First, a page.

PGAM1_MOUSE 0.631488 0.01293 
PEBP1_HUMAN 0.345336 0.01329 
ATPO_HUMAN 0.573383 0.01338 
MYDGF_HUMAN 2.109616 0.01472 
AP3B1_HUMAN 1.732305 0.01579 
THTR_MOUSE 0.42316 0.01599 
RHOC_MOUSE 0.748789 0.01715 
RS12_HUMAN 0.501876 0.01735 
NAKD2_HUMAN 1.855666 0.01876 
IDHC_HUMAN 0.68443 0.0189 
RS2_HUMAN 0.537756 0.01945 
MRP1_HUMAN 1.601333 0.01995 
RAB14_MOUSE 0.532819 0.02155 
KGUA_HUMAN 0.630616 0.022 
PFD4_HUMAN 0.507878 0.02273 
FKB11_MOUSE 0.50857 0.02349 
MUTA_HUMAN 0.492338 0.02359 
PRP8_MOUSE 0.237383 0.02364 
EF2_HUMAN 0.587857 0.02386 
RHOA_MOUSE 0.756545 0.02427 
TBCA_HUMAN 1.788367 0.02447 
RSSA_MOUSE 0.317898 0.02455 
EFR3A_HUMAN 2.413713 0.02522 
GOLP3_MOUSE 0.281531 0.02638 
GUAD_MOUSE 0.397567 0.02658 
RL27A_MOUSE 0.433141 0.02688 
IF5_HUMAN 0.534475 0.02809 
PR40A_MOUSE 0.433666 0.02816 
SEPR_MOUSE 2.475975 0.02874 
RS7_MOUSE 0.606223 0.02905 
PTGIS_MOUSE 0.211376 0.02986 
PCAT1_HUMAN 0.258328 0.03037 
CX7A2_HUMAN 0.548943 0.03059 
NOP56_HUMAN 1.569469 0.03068 
ASNS_MOUSE 0.431024 0.03097 
PARP1_HUMAN 0.403411 0.03105 
RLA0_HUMAN 0.521963 0.03162 
ASNA_HUMAN 0.752813 0.03247 
B2MG_MOUSE 1.570482 0.03248 
ACLY_MOUSE 0.619443 0.03303 
PRDX3_HUMAN 0.608166 0.03328 
CALX_MOUSE 1.385379 0.03336 
PNPH_HUMAN 0.644419 0.03419 
ERF1_MOUSE 0.776206 0.03423 
KAP2_HUMAN 0.571257 0.0343 
RBM8A_HUMAN 1.960519 0.03596 
SDHA_HUMAN 0.647884 0.03706 
FAF2_HUMAN 0.273161 0.03815 
TBA1C_HUMAN 0.341774 0.03959 
MA2C1_HUMAN 2.853969 0.03959 
RL3_HUMAN 0.586006 0.03966 
FA50B_HUMAN 0.524123 0.04014 
LRRF1_HUMAN 0.493559 0.04016 
NHLC2_HUMAN 0.324802 0.0402 
CEL2A_MOUSE 2.130846 0.04027 
ACTA_MOUSE 0.525277 0.04028 
RS16_HUMAN 0.759051 0.04095 
STIM1_HUMAN 2.29191 0.04112 
ISC2A_MOUSE 0.291221 0.04124 
KCC2D_MOUSE 0.494293 0.04131 
FNTA_HUMAN 0.524574 0.04131 
SSDH_HUMAN 1.621418 0.04181 
PRPS2_MOUSE 0.595369 0.04294 
2ABA_MOUSE 0.139626 0.04317 
U5S1_HUMAN 0.413438 0.04342 
EPN1_HUMAN 0.455649 0.04347 
EIF3L_HUMAN 0.349349 0.04436 
DYHC1_MOUSE 2.678517 0.04458 
GBG12_HUMAN 0.680559 0.0448 
KCY_HUMAN 0.127653 0.0451 
RS27_MOUSE 2.634619 0.0454 
AGR2_HUMAN 0.415204 0.04626 
CTNB1_MOUSE 0.194459 0.04763 
HMCS2_MOUSE 0.288194 0.04787 
RAD50_HUMAN 0.533035 0.04835 
TLN1_MOUSE 0.358109 0.0484 
ANXA7_HUMAN 0.857859 0.0491 
DCUP_HUMAN 0.228955 0.0499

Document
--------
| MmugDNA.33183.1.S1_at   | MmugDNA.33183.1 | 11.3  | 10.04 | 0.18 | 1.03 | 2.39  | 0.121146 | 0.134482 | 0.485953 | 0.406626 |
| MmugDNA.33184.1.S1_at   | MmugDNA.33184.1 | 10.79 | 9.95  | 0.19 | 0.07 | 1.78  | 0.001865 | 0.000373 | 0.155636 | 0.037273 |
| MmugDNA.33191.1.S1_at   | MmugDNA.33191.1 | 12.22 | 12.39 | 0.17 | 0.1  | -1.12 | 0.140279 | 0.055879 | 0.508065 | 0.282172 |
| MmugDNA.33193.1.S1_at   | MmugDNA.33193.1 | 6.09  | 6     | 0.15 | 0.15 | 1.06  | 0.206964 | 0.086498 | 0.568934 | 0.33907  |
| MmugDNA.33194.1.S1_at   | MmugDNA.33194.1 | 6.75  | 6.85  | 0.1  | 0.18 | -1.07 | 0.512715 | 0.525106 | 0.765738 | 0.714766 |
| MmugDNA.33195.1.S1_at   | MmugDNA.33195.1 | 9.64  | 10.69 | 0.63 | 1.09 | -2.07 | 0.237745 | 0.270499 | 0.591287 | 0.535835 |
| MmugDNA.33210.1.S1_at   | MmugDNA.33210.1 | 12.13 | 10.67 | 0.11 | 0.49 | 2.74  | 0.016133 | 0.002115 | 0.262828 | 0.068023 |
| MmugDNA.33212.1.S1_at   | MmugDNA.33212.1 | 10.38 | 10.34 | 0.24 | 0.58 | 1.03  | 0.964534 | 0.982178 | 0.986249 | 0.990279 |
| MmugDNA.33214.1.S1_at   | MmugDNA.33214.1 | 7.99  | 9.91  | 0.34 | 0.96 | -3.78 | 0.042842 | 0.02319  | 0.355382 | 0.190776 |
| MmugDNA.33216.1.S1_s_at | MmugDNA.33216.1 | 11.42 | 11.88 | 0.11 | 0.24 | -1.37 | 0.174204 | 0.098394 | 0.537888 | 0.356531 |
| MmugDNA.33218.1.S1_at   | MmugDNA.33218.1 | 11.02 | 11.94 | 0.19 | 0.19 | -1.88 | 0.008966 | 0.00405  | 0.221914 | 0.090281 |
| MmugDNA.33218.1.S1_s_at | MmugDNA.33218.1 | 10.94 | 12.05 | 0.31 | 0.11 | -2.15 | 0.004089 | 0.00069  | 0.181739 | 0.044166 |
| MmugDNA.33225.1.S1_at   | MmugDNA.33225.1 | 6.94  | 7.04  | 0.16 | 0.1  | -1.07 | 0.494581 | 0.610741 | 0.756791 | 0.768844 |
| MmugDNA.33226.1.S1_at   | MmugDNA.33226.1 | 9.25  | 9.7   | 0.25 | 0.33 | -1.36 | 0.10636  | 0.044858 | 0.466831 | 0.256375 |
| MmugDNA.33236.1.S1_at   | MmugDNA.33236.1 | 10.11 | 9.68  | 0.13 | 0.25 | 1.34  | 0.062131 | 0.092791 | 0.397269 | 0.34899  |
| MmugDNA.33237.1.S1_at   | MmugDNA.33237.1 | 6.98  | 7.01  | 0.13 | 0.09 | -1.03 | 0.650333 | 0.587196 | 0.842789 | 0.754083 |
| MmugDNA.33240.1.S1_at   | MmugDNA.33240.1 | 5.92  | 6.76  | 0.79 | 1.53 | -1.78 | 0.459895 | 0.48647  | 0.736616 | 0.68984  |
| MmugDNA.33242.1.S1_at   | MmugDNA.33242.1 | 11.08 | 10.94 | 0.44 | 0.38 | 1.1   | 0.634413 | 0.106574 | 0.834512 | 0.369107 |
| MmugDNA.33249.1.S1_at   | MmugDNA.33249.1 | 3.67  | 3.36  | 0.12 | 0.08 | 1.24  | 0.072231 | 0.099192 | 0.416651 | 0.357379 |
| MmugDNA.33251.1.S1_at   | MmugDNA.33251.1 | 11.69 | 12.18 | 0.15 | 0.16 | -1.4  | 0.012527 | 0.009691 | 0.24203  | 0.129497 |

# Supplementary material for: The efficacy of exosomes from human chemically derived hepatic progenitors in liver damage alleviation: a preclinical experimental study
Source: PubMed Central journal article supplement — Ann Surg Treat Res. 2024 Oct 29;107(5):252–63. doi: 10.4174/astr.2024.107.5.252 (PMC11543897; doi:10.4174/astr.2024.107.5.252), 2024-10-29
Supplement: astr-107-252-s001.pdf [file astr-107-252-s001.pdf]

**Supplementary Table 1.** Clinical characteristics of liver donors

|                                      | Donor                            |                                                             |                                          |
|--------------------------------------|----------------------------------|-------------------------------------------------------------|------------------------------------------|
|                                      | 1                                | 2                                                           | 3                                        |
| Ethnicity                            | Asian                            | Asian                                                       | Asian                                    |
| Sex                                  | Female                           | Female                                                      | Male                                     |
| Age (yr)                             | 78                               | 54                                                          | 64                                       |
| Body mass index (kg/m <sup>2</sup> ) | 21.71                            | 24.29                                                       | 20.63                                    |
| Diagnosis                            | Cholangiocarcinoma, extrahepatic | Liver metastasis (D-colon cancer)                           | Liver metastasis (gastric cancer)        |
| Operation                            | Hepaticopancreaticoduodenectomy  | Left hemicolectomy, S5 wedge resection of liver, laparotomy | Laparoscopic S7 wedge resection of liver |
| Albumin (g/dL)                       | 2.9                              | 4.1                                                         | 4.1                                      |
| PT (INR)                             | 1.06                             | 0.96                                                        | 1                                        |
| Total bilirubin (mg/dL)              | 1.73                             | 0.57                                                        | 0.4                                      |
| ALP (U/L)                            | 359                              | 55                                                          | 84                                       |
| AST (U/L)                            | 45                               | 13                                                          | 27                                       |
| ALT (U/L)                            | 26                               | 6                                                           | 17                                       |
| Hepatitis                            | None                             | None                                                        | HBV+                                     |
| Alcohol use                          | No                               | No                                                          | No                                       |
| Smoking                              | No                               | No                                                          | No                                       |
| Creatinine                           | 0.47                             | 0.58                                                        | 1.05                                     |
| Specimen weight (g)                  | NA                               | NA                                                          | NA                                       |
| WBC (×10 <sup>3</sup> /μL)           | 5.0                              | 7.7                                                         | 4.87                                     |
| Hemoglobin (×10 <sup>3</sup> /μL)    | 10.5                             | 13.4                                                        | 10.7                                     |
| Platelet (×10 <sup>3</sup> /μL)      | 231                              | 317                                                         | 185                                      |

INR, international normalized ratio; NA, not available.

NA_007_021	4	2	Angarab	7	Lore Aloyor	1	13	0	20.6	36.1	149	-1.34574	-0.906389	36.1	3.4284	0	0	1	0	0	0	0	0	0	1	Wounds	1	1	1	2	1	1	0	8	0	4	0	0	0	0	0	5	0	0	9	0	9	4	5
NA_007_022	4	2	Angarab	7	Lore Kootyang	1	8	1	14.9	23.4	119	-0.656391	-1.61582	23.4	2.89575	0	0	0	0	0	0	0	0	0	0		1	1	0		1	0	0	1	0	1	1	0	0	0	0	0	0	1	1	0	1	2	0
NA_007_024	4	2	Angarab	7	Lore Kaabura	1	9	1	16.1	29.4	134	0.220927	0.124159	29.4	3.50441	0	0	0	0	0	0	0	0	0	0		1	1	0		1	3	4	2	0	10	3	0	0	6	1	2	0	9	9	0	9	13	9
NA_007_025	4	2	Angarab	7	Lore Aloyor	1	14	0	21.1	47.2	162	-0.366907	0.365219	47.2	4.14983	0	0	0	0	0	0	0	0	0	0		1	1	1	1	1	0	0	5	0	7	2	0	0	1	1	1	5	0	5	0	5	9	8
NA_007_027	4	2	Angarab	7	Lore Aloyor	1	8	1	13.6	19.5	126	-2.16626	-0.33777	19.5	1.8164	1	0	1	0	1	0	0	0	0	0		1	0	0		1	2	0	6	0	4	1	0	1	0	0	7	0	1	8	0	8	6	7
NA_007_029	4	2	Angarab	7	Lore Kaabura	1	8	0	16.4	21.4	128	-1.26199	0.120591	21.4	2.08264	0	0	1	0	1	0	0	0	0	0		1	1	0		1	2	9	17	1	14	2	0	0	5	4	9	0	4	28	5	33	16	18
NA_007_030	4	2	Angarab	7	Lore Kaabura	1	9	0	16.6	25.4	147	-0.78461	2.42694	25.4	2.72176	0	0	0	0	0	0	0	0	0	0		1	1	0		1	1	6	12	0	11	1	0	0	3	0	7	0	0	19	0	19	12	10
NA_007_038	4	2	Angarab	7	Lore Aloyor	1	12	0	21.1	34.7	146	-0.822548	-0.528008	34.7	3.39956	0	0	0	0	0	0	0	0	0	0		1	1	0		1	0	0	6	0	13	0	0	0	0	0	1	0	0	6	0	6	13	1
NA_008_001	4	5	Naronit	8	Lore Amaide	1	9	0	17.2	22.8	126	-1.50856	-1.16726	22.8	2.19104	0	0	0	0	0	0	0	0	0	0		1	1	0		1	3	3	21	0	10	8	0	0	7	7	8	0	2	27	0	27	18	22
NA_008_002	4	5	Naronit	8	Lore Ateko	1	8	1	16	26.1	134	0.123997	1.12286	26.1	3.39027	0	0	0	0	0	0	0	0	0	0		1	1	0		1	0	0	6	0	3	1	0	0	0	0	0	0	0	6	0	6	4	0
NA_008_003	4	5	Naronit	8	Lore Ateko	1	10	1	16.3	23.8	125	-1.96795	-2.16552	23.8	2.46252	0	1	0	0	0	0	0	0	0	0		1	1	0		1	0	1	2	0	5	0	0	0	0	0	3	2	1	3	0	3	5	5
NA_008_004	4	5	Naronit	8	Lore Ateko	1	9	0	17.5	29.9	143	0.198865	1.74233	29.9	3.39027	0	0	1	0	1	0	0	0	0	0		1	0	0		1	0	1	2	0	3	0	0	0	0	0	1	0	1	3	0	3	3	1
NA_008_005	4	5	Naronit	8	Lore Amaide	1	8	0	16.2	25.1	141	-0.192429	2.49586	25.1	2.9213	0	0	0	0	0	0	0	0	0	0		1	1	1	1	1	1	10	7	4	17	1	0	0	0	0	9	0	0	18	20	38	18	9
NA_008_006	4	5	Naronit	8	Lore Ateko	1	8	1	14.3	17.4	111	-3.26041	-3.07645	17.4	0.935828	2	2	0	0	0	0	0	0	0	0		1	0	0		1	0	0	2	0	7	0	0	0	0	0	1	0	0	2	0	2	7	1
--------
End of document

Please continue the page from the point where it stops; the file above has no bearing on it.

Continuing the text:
DHB4_HUMAN 0.478737 0.04997 
Table 2
FunRich analysis of significantly enriched and low abundant proteins from animals injected with exo-SKOV-3 revealing the enriched cellular components and molecular functions with fold enrichment and P-values
Classification Fold enrichment P-value 
High abundant proteins 
Cellular component   
Nucleolus 1.72371907 0.033004 
Integral to endoplasmic reticulum membrane 36.4330172 0.027352 
Box C/D snoRNP complex 281.742609 0.003569 
Small nucleolar ribonucleoprotein complex 141.047174 0.007126 
Pre-snoRNP complex 187.984669 0.005349 
Exon–exon junction complex 281.742609 0.003569 
Molecular function   
Chaperone activity 19.26143 0.004745 
Protein metabolism 2.747116 0.091368 
Metabolism 1.442059 0.41232 
Energy pathways 1.486212 0.397088 
Low abundant proteins 
Cellular component   
Ribonucleoprotein complex 7.89255611 0.026779 
Nucleolus 3.04820202 6.98E-05 
Mitochondrion 2.84060432 0.000272 
Cytosolic small ribosomal subunit 21.3375799 0.000371 
Soluble fraction 4.26846427 0.033453 
Nuclear envelope 7.22567347 0.031521 
Focal adhesion 11.3995795 0.013396 
Mitochondrial matrix 6.49405231 0.038315 
Peroxisome 9.22112813 0.000928 
Coated pit 19.817363 0.049758 
Cell–cell adherens junction 19.817363 0.049758 
Early endosome 11.1341292 0.002485 
Mitochondrial inner membrane 8.84494178 0.021655 
6-phosphofructokinase complex 85.6557782 0.011705 
Cytosolic large ribosomal subunit 14.2486829 0.008718 
IκB kinase complex 32.1877518 0.030915 
Microtubule-associated complex 21.3700572 0.003936 
Peroxisomal matrix 46.6026406 0.00081 
Astral microtubule 255.27118 0.003917 
Mitochondrial proton-transporting ATP synthase, catalytic core 25.7566326 0.038496 
Molecular function   
Structural constituent of ribosome 10.29772 0.000124 
Phosphorylase activity 31.38516 0.001843 
Protein transporter activity 78.69595 0.01274 
Regulation of immune response 39.3949257 0.025321 
Biological process   
Regulation of immune response 39.3949257 0.025321 
Protein folding 39.2243859 0.001173 
Cell organisation and biogenesis 45.0147439 0.022191 
Intracellular signalling cascade 104.835002 0.00957 
Protein transport 28.6606135 0.034653 
Molecular function 156.991719 0.00639 
Classification Fold enrichment P-value 
High abundant proteins 
Cellular component   
Nucleolus 1.72371907 0.033004 
Integral to endoplasmic reticulum membrane 36.4330172 0.027352 
Box C/D snoRNP complex 281.742609 0.003569 
Small nucleolar ribonucleoprotein complex 141.047174 0.007126 
Pre-snoRNP complex 187.984669 0.005349 
Exon–exon junction complex 281.742609 0.003569 
Molecular function   
Chaperone activity 19.26143 0.004745 
Protein metabolism 2.747116 0.091368 
Metabolism 1.442059 0.41232 
Energy pathways 1.486212 0.397088 
Low abundant proteins 
Cellular component   
Ribonucleoprotein complex 7.89255611 0.026779 
Nucleolus 3.04820202 6.98E-05 
Mitochondrion 2.84060432 0.000272 
Cytosolic small ribosomal subunit 21.3375799 0.000371 
Soluble fraction 4.26846427 0.033453 
Nuclear envelope 7.22567347 0.031521 
Focal adhesion 11.3995795 0.013396 
Mitochondrial matrix 6.49405231 0.038315 
Peroxisome 9.22112813 0.000928 
Coated pit 19.817363 0.049758 
Cell–cell adherens junction 19.817363 0.049758 
Early endosome 11.1341292 0.002485